Cohesion to produce more detailed plans on how to deliver a step change in promoting
The White Paper outlines the following eight guiding principles for successful community

1. Developing strong leadership and engagement an agreed local vision arrived at through
engagement and advocated by strong respected leaders to:
     reduce the risk of tensions;
     make and explain difficult decisions;
     get to the truth of and answer allegations about special treatment for particular groups;
     justify difficult policy decisions(for example, housing policy or regeneration matters).
2. Developing shared values –a basis for creating a shared future, underpinned by a set of
non-negotiables common across all communities. This may include:
     developing schemes that enhance the understanding of English language amongst
     clear and unequivocal leadership against extremism;
     wider work celebrating diversity as a key piece in the jigsaw.
3. Preventing the problems of tomorrow through conflict resolution projects to:

      reduce potential flashpoints which may have led to tension in the past for example – a
       racist attack or a newspaper report about housing allocations;
      help councils to develop contingency plans to respond better to crisis.
4. Using a good information to systematically monitor, evaluate and review progress and
   prepare for emerging challenges and opportunities. Working with all interested parties/key
   stakeholders to collect data through positive methods of engagement.
5. Providing visible work to tackle inequalities in areas like education, health, housing jobs
   and training, and the regeneration of local areas to provide greater access to services and a
   strong foundation for cohesion.
6. Involving young people in creative ways relevant and attractive to them, preventing
   isolation and exploitation by others.
7. Championing interfaith work to develop and sustain effective channels of
   communications and constructive dialogue across diverse faith groups and communities.
8. Recognising the local third sector (voluntary and community sector organisations) as the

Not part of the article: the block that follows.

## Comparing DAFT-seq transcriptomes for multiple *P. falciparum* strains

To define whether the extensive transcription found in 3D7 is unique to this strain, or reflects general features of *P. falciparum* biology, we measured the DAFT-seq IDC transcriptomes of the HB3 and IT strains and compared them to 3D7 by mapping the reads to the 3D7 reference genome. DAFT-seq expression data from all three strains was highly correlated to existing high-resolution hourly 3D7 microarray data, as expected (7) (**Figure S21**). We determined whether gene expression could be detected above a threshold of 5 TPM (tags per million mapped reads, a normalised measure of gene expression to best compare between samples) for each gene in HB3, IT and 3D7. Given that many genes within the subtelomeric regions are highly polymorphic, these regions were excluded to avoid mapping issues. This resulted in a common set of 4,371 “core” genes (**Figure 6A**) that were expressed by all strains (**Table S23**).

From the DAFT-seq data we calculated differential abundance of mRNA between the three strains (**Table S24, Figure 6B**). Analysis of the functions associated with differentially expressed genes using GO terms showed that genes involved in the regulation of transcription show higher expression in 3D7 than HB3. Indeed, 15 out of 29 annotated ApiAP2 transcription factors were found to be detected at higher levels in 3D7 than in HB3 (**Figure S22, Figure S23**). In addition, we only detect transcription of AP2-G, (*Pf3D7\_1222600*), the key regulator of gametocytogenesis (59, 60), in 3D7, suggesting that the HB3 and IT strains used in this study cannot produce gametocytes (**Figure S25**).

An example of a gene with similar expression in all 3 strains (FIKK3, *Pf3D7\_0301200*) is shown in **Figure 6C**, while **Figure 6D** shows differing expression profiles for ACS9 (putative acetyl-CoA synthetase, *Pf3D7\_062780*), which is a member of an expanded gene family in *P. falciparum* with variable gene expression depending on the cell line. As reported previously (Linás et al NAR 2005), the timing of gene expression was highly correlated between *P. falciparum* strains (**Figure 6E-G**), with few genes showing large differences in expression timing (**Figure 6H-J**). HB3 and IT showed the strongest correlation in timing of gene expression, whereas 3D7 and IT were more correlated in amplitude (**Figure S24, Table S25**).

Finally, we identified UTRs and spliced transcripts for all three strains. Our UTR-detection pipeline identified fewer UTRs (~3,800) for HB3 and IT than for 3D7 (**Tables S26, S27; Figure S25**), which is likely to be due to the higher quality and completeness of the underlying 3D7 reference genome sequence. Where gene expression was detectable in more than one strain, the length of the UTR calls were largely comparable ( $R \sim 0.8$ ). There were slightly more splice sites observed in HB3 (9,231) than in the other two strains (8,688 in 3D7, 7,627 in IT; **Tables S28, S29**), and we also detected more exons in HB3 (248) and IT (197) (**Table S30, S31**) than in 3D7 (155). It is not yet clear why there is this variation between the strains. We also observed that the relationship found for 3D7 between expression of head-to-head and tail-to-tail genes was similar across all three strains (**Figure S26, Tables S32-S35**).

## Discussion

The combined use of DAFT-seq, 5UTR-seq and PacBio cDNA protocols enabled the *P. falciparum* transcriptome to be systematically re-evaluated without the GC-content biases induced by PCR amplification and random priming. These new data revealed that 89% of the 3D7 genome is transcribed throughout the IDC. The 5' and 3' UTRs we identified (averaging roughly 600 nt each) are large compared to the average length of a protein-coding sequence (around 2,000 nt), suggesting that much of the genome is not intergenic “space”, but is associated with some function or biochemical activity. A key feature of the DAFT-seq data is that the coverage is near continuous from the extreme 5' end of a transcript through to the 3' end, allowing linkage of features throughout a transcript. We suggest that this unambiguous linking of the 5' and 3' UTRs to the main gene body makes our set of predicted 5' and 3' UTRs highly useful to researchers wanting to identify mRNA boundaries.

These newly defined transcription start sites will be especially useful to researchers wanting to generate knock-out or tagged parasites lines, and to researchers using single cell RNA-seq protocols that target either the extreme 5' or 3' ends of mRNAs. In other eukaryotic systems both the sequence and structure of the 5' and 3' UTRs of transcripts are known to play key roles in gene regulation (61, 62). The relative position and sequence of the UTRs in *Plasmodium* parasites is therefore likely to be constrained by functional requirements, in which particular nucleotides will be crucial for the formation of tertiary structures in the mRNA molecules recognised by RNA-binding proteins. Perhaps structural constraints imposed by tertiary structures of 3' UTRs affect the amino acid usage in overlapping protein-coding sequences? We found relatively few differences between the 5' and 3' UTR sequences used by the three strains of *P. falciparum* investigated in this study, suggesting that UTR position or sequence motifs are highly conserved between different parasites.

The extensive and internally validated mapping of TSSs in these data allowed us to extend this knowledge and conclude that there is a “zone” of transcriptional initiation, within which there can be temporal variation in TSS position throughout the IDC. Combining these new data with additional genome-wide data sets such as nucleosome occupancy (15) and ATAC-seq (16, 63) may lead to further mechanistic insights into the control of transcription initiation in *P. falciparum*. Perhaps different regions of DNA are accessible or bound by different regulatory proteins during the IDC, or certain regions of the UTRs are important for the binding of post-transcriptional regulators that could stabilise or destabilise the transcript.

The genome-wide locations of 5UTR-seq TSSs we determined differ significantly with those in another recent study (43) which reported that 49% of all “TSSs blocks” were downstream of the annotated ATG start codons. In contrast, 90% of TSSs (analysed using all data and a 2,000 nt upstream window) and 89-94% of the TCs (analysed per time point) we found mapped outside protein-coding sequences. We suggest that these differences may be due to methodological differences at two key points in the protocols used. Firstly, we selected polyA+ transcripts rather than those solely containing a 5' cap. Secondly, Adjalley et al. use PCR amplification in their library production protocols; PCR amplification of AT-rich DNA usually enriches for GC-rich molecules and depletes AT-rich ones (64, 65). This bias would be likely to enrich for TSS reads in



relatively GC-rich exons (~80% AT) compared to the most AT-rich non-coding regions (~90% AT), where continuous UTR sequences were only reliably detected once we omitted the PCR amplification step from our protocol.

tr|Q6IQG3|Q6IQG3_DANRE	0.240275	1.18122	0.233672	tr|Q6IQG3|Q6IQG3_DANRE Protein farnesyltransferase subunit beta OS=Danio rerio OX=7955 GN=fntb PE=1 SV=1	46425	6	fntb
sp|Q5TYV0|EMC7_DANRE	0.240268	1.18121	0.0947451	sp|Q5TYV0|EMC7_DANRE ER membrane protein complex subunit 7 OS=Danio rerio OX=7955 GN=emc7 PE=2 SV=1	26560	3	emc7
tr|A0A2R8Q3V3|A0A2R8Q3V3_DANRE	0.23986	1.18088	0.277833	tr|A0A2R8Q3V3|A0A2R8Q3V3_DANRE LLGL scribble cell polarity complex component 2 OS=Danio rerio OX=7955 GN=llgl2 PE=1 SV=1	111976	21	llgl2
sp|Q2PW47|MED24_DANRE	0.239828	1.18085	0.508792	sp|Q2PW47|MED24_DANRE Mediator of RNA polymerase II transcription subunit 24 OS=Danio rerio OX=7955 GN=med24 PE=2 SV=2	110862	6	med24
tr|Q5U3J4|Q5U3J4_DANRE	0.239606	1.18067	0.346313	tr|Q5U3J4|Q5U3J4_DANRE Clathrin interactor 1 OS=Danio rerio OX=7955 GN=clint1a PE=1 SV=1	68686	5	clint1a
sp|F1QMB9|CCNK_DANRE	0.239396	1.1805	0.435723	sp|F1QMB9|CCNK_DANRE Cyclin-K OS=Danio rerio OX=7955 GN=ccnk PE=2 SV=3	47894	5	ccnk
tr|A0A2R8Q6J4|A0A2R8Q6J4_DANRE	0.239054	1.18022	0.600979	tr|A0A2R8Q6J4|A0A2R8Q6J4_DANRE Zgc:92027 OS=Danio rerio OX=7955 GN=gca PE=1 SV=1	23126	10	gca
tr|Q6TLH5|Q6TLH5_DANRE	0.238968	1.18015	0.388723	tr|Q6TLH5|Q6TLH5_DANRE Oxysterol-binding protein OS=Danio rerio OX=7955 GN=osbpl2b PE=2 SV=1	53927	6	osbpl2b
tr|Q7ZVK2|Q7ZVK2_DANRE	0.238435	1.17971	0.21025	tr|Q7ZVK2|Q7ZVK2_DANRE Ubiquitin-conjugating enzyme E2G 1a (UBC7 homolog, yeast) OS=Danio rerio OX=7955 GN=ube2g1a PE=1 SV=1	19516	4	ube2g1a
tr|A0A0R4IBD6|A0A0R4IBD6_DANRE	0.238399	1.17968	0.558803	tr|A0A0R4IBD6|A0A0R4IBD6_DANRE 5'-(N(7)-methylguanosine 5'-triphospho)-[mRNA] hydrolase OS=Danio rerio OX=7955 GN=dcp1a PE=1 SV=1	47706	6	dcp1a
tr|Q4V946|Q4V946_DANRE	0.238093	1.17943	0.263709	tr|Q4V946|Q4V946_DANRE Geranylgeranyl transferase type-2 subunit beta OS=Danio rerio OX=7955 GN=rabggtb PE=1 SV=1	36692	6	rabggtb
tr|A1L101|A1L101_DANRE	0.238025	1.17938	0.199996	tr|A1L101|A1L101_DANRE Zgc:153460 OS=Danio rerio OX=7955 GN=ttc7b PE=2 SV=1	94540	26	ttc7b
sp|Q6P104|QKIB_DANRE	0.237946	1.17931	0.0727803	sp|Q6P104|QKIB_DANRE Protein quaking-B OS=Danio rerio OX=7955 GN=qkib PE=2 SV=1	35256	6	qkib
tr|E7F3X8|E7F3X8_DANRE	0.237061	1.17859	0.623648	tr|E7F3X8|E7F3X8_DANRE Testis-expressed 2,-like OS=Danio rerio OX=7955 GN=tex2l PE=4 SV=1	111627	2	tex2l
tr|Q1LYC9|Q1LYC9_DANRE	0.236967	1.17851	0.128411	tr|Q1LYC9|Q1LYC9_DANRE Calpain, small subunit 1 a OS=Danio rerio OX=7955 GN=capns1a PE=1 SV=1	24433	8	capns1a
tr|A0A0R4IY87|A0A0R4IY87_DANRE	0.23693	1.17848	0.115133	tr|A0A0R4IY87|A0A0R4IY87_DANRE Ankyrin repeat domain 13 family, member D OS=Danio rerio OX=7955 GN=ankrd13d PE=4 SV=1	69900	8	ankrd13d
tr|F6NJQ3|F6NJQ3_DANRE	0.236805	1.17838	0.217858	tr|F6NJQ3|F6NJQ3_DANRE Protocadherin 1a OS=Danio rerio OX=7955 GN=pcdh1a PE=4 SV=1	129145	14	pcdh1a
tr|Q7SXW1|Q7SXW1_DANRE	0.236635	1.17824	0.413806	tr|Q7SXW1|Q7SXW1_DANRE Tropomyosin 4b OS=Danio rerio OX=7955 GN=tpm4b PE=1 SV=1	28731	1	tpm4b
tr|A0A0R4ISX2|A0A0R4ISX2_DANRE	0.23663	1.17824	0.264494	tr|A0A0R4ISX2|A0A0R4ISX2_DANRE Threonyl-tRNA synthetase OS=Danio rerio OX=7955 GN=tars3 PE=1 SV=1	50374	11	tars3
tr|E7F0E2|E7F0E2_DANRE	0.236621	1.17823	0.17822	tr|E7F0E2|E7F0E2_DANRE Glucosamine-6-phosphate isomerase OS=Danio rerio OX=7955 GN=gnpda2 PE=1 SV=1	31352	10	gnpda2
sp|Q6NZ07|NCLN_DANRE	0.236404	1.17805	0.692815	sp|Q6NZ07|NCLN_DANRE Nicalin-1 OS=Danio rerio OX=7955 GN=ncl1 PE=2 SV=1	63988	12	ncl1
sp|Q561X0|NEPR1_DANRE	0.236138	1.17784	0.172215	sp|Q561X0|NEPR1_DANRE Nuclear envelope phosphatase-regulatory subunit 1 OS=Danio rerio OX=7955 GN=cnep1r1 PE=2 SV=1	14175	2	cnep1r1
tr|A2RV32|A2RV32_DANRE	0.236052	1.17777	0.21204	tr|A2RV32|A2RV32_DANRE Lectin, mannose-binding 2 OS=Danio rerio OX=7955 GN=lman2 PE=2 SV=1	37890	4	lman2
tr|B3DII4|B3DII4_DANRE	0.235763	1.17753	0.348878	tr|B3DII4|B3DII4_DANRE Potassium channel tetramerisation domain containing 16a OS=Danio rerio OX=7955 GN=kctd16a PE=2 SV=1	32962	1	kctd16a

glue binding communities together (ie working towards shared goals and/or reaching
   grassroots groups whose voice is critical to the debate – such as young people).


Today’s challenge is how best to draw on the benefits that migration and diversity bring while
addressing the potential problems and risks to cohesion by:
    recognising the impact of change and responding to it;
    putting local authorities and their partners at the heart of community building through
       high calibre local and political leadership enhanced by their ‘place-shaping’ role;
    tackling extremism.
Response to the threat of extremism includes:
    more effective intelligence
    more effective policing
    winning the battle of ideas, hearts and minds gained by developing shared values
The role of local government as leaders of their communities are considered best placed to:
    understand the particular challenges their communities face and work with others to
       decide how to respond;
    use their democratic mandate to offer and develop a shared vision, through the
       Sustainable Community Strategy; co-ordinate different interests, reconcile diverse
       views and encourage the environment for open debate and dialogue;
    begin a dialogue to understand and address the underlying drivers of tensions between
       different groups- such as access to jobs and social housing, crime, disorder, anti-social
       behaviour problems or deep rooted deprivation.

Many of the proposals outlined in the White Paper work towards:
   improving the quality and responsiveness of services to communities,
   increasing resident participation in decision making,
   enhancing the role for community groups,
   strengthening local leadership
   building up the economies of local areas
   empowering councils, in partnership with other public agencies, to take on the place-
      shaping role to build cohesive and self confident communities
The following measures will contribute to implementation of the proposals outlined in the White
    organisations promoting cohesion as their core business – ensuring that it transcends/
         cut across and aligns with all strategic frameworks (the Local Development
         Framework, Statement of Community Involvement, Housing and Homelessness
         Strategy, and the Sustainable Community Strategy) to engender confidence and trust
         to meet the expectations of the Comprehensive Engagement Strategy;

     improving leadership capacity –promoting leaders to become high quality advocates of
      cohesion as part of a national strategy;
       supporting local response to recent immigration - capitalising on the positive
         contributions made to economic growth and understanding other impacts by listening
         to the perspective of migrants and established communities on matters such as local
         customs/procedures, housing, employment, education and language requirements;
       working with the Commission on Integration and Cohesion to implement its
        recommendations for swift appropriate responses once published, June 2007;
       dovetailing community cohesion with the thematic cross cutting issues (Community
        Safety, Health and wellbeing, Vulnerable people, Children, young people and families,
        Economic development, housing and planning, Climate change and the Third Sector.

References:                                       Sources:

The Local Government White Paper-Strong and
Prosperous Communities